Turning no into yes: what to do when you're elderly loved one doesn't want care

Dealing With A Relative Who Doesn’t Want Care

How to care for someone who doesn’t want care (but needs it)?

One of the many sides of aging that we often fail to see in advance is the need of care and assistance in the later stages of life. Nobody likes to think about becoming dependent on other people’s help, and people sometimes fail to spot the first signs of their loved one needing a caregiver, or being in need of assistance themselves. This development can lead to a very deep frustration and sometimes even anger, resulting in resistance and denial towards accepting a caregiver.

The question rises: how to take care of someone who refuses to be taken care of? I’ll try to give you an answer to that, and hopefully help you deal with your loved one’s resentment for good.

Stage one: Planning

When it comes to sensitive subjects regarding aging (such as finances, health issues or  the possibility of reduced independence), it’s very important to open this topic up in the family before it becomes imminent. Try to choose the right moment when everyone is relaxed and talk about the measures that may need to be taken in the future, and how everyone would want them to go down. Stay realistic during the planning process and consider all the options, such as

  • What to do in the sudden case of an illness?
  • Will someone from the family be able to take care of the senior relative?
  • Would your relative be okay with a live-in caregiver?
  • How about a nursing home?

It’s not an easy subject, but avoiding it doesn’t make the possible complications disappear. Being ready for all the eventualities will be easier for your loved one as well as for the whole family.

Stage two: Understanding

If planning didn’t work out, help or take place at all, and your loved one is taking a negative stance towards being cared for by someone, you need to understand the motivations of their resentment. Resistance can be exhausting and irritating for both you and the patient, that’s why you need to stay calm and try to find your way to the core of the issue rather than using brute force.

The reasons for negative stance towards caregiving can vary, from cognitive issues, to fear and grief, to physical pain that you haven’t been previously aware of. Our elderly parents may also have stubborn personalities or haven’t been used to asking for help all their lives, that’s why such a sudden change may be more than they can take.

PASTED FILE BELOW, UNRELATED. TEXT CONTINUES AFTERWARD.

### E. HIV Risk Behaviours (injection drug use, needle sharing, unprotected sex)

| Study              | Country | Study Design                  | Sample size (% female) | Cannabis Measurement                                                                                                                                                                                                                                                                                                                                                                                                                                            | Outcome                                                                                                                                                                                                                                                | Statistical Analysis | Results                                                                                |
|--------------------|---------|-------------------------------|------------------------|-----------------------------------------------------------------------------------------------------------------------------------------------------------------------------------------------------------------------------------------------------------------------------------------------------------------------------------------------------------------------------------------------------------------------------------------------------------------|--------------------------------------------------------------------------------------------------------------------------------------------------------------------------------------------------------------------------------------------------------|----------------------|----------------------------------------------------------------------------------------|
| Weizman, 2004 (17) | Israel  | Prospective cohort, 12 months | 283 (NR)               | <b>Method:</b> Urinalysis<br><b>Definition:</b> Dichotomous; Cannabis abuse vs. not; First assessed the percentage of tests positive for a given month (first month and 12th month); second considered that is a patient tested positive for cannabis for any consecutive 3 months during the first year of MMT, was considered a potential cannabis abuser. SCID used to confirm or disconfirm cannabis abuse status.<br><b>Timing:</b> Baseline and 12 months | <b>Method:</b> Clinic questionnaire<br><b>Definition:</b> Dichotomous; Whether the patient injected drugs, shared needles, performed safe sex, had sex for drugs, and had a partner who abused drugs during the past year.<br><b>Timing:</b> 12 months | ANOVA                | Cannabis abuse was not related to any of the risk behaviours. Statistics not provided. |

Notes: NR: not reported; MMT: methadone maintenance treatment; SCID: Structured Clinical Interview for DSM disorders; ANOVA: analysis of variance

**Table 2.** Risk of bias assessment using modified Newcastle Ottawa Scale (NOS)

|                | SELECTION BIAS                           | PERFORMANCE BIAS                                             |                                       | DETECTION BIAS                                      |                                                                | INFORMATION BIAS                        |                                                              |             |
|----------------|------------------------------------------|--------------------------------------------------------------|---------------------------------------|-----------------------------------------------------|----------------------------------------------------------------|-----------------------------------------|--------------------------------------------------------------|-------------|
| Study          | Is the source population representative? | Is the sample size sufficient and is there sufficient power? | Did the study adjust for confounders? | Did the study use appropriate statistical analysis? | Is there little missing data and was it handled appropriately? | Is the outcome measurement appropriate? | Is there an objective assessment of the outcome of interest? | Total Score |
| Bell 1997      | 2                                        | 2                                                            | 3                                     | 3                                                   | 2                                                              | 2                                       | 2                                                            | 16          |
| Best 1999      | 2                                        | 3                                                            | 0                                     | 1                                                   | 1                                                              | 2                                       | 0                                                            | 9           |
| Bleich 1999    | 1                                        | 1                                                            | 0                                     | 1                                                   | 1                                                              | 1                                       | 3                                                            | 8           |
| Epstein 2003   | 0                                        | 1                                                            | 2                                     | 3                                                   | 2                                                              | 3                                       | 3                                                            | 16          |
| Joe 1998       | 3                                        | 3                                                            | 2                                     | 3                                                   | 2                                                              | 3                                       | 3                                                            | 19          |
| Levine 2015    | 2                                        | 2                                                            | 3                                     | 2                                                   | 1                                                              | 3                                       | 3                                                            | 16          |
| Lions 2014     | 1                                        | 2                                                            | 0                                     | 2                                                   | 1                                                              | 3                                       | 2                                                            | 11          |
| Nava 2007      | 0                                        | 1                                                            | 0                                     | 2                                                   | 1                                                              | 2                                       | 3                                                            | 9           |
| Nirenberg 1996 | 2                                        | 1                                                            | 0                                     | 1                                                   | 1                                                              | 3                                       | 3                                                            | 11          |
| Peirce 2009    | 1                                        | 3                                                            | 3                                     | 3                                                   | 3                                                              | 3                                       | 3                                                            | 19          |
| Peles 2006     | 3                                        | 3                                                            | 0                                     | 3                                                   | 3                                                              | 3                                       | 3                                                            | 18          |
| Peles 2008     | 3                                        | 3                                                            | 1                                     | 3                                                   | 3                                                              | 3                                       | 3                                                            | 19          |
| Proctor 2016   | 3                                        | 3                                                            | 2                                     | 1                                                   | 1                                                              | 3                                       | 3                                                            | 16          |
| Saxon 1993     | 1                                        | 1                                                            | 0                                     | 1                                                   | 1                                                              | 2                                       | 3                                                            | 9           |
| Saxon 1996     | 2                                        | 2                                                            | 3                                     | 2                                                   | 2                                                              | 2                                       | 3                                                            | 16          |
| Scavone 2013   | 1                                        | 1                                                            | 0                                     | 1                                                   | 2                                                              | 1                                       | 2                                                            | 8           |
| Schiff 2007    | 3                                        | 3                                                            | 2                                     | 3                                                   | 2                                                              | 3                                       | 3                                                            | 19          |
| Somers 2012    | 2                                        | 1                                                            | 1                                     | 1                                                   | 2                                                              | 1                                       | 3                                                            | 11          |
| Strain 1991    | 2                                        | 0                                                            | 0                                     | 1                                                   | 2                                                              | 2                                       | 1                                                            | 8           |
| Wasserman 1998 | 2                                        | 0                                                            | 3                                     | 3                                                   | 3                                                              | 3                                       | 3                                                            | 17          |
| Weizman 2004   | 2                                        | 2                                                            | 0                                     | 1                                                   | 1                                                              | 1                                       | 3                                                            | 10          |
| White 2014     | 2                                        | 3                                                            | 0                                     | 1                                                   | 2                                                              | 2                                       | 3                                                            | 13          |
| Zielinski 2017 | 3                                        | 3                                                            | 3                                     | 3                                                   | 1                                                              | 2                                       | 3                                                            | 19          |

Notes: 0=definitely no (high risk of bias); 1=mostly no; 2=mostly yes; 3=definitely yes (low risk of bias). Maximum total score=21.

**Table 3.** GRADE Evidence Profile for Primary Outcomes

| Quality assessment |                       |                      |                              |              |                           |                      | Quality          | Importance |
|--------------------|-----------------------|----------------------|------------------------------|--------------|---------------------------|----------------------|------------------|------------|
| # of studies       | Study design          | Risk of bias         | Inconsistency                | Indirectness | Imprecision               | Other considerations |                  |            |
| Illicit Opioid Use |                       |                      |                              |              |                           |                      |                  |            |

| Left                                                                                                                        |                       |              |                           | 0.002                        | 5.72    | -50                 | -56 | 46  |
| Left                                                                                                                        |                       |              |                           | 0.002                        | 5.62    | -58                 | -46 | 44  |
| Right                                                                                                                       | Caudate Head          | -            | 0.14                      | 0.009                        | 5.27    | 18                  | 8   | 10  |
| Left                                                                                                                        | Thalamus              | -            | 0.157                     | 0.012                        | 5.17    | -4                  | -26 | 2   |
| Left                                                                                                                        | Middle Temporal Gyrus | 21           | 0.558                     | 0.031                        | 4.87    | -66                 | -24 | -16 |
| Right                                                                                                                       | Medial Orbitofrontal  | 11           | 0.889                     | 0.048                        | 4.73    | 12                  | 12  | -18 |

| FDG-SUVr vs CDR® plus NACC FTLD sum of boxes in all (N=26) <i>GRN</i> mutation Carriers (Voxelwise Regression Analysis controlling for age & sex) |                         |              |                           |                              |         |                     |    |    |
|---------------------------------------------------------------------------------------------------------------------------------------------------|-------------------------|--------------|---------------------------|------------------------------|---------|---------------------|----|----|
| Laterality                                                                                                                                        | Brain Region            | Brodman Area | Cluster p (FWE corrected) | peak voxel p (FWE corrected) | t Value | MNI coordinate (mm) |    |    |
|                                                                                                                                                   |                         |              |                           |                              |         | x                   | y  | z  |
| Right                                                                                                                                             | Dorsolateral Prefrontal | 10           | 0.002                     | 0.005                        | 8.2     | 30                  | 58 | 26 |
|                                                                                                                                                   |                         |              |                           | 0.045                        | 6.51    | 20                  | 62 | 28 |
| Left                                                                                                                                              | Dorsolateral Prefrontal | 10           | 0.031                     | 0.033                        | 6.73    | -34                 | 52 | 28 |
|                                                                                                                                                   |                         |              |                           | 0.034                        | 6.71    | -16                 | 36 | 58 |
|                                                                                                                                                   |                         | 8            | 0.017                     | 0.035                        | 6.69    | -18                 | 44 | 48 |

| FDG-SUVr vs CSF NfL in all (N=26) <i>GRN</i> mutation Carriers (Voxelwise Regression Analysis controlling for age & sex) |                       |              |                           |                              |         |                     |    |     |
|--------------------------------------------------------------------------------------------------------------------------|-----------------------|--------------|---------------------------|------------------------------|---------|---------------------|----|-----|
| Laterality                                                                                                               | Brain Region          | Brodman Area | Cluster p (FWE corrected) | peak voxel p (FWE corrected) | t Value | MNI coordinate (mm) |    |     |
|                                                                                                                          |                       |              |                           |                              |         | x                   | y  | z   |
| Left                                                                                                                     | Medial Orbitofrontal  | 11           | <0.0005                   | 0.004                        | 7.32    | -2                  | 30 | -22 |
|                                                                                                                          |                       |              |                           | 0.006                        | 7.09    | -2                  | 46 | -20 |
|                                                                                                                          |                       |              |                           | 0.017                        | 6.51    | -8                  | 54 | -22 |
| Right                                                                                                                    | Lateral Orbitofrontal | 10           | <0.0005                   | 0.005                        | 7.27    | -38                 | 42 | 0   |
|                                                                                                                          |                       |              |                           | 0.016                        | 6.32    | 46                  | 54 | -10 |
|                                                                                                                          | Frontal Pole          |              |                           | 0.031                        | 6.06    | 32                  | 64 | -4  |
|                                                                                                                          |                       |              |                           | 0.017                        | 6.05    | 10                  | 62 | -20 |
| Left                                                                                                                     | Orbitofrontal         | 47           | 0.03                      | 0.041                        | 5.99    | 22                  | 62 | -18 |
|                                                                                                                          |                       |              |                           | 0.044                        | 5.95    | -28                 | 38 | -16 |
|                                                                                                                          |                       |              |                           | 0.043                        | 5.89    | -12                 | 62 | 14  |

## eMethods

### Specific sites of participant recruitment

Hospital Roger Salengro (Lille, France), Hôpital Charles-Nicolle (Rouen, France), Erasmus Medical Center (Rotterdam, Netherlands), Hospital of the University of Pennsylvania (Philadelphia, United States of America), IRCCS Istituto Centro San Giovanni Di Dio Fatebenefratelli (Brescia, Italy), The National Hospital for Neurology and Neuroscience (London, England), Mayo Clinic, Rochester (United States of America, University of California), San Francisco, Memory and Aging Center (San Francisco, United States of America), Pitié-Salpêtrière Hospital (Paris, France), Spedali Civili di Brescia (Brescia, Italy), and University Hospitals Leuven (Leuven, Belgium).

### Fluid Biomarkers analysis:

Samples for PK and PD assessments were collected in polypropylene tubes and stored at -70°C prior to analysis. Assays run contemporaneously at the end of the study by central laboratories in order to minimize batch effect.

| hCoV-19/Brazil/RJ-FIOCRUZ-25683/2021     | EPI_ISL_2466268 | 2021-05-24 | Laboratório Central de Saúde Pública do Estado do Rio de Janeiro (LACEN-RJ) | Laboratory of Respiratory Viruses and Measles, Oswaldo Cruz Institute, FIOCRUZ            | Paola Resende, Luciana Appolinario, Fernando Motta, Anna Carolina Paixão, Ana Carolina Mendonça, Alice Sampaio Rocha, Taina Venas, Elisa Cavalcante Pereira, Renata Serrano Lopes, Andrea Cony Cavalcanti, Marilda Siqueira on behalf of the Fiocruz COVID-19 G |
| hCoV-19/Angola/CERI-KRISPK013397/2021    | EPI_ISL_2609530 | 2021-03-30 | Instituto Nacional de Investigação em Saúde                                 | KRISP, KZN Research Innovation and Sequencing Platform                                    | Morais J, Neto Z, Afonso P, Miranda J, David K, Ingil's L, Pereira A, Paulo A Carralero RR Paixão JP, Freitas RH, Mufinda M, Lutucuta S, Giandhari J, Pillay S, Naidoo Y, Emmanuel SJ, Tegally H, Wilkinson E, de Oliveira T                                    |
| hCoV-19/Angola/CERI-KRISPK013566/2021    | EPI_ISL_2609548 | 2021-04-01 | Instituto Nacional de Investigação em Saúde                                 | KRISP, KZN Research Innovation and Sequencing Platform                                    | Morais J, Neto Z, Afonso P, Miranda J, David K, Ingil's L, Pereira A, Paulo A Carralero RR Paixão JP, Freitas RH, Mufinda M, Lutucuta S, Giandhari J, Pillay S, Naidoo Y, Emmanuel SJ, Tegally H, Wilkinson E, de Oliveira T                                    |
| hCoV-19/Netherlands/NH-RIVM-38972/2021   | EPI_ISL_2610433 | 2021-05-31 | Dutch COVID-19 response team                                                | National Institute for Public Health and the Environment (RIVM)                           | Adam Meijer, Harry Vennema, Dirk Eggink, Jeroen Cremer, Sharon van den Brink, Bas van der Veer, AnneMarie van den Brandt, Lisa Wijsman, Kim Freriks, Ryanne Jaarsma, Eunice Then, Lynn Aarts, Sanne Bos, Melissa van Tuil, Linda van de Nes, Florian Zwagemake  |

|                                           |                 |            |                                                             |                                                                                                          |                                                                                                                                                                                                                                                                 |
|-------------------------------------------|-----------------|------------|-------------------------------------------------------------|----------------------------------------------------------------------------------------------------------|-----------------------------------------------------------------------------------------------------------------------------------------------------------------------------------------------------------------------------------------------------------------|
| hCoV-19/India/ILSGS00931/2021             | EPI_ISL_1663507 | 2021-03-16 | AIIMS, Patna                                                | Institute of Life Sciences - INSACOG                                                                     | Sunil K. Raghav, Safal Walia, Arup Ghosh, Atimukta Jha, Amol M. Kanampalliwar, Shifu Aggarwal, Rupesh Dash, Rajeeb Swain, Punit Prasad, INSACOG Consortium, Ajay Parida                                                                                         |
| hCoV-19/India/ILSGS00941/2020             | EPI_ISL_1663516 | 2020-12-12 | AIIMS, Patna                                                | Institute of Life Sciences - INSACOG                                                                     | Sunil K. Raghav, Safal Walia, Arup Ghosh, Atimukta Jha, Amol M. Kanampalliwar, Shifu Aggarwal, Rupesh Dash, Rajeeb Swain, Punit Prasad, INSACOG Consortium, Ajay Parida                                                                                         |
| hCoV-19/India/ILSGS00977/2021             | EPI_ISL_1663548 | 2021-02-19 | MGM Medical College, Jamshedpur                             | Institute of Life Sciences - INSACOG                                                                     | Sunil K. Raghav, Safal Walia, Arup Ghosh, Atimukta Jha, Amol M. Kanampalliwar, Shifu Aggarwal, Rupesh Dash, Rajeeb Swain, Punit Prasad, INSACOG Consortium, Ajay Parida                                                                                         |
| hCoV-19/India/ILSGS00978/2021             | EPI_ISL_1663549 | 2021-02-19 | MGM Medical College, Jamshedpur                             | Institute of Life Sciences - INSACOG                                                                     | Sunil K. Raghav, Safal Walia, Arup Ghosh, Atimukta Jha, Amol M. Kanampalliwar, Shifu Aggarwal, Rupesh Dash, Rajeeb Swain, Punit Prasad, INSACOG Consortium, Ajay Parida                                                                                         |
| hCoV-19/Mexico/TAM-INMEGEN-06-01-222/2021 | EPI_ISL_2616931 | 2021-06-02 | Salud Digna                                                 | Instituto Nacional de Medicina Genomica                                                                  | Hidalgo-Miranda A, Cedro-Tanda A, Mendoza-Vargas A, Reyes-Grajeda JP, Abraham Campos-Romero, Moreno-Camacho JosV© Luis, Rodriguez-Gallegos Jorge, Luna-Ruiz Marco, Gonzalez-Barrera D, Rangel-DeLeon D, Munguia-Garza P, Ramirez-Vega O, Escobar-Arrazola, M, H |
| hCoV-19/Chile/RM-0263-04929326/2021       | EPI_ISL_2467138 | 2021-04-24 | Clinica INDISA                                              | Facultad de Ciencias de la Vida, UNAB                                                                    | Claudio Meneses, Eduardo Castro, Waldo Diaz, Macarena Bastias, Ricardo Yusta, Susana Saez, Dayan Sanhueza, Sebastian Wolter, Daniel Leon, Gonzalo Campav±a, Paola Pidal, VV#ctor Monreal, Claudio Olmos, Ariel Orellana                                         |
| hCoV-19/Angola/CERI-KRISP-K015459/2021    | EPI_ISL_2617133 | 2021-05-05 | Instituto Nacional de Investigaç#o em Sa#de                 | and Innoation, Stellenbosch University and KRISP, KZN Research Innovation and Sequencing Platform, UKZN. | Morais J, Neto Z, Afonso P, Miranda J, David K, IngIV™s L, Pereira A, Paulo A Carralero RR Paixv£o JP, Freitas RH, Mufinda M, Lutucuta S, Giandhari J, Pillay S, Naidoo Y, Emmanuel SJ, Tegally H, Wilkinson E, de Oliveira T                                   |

Try putting yourself in your parents’ and grandparents’ shoes. Try talking to them reasonably, without pushing them emotionally or forcing them into anything. Stay calm, and show them you’re on their side.

Stage three: Involvement

You need to involve your senior loved ones into deciding who will be their caregiver as much as their health condition allows. No matter if it’s a family member, a private caregiver or a professional from a caregiving agency, your relative should have the right to veto before a decision is made. Sit down together and make an assessment of all the services that need to be taken care of. That will help you decide what type of care will be needed. Then ask for your relative’s preference, and take them into consideration. It’s their life, so it should also be their right of choice. Having a say in the decision-making could help reduce the anxiety from the new, vulnerable situation they’ve found themselves in.

Stage four: Humanity

This is definitely not the “next step to take”, but more of a general rule to keep in your mind when going through this difficult time.

We’re all just people. We have our moods, our fears, our hopes and our feelings, and that needs to be taken into consideration constantly. Whenever you’re having difficulties explaining your family member why it’s important for them to get help and they refuse to listen, don’t forget that they’re grown men and women who have suddenly found themselves between a rock and a hard place, and need to start relying on someone else in order to keep on living their lives. That’s not an easy fact to accept, and also not easy to imagine yourself. Be patient. Be human.

Another important point to keep in mind is that people are social beings, but it doesn’t always click. You don’t need to love spending time with your caregiver, but life’s much more fun if you do. Make sure that you take the time to find someone who’ll be The One for your senior loved one.

 

Resistance and denial are difficult obstacles, but not impossible to overcome. With a little bit of understanding and patience, you’ll always be able to find a way.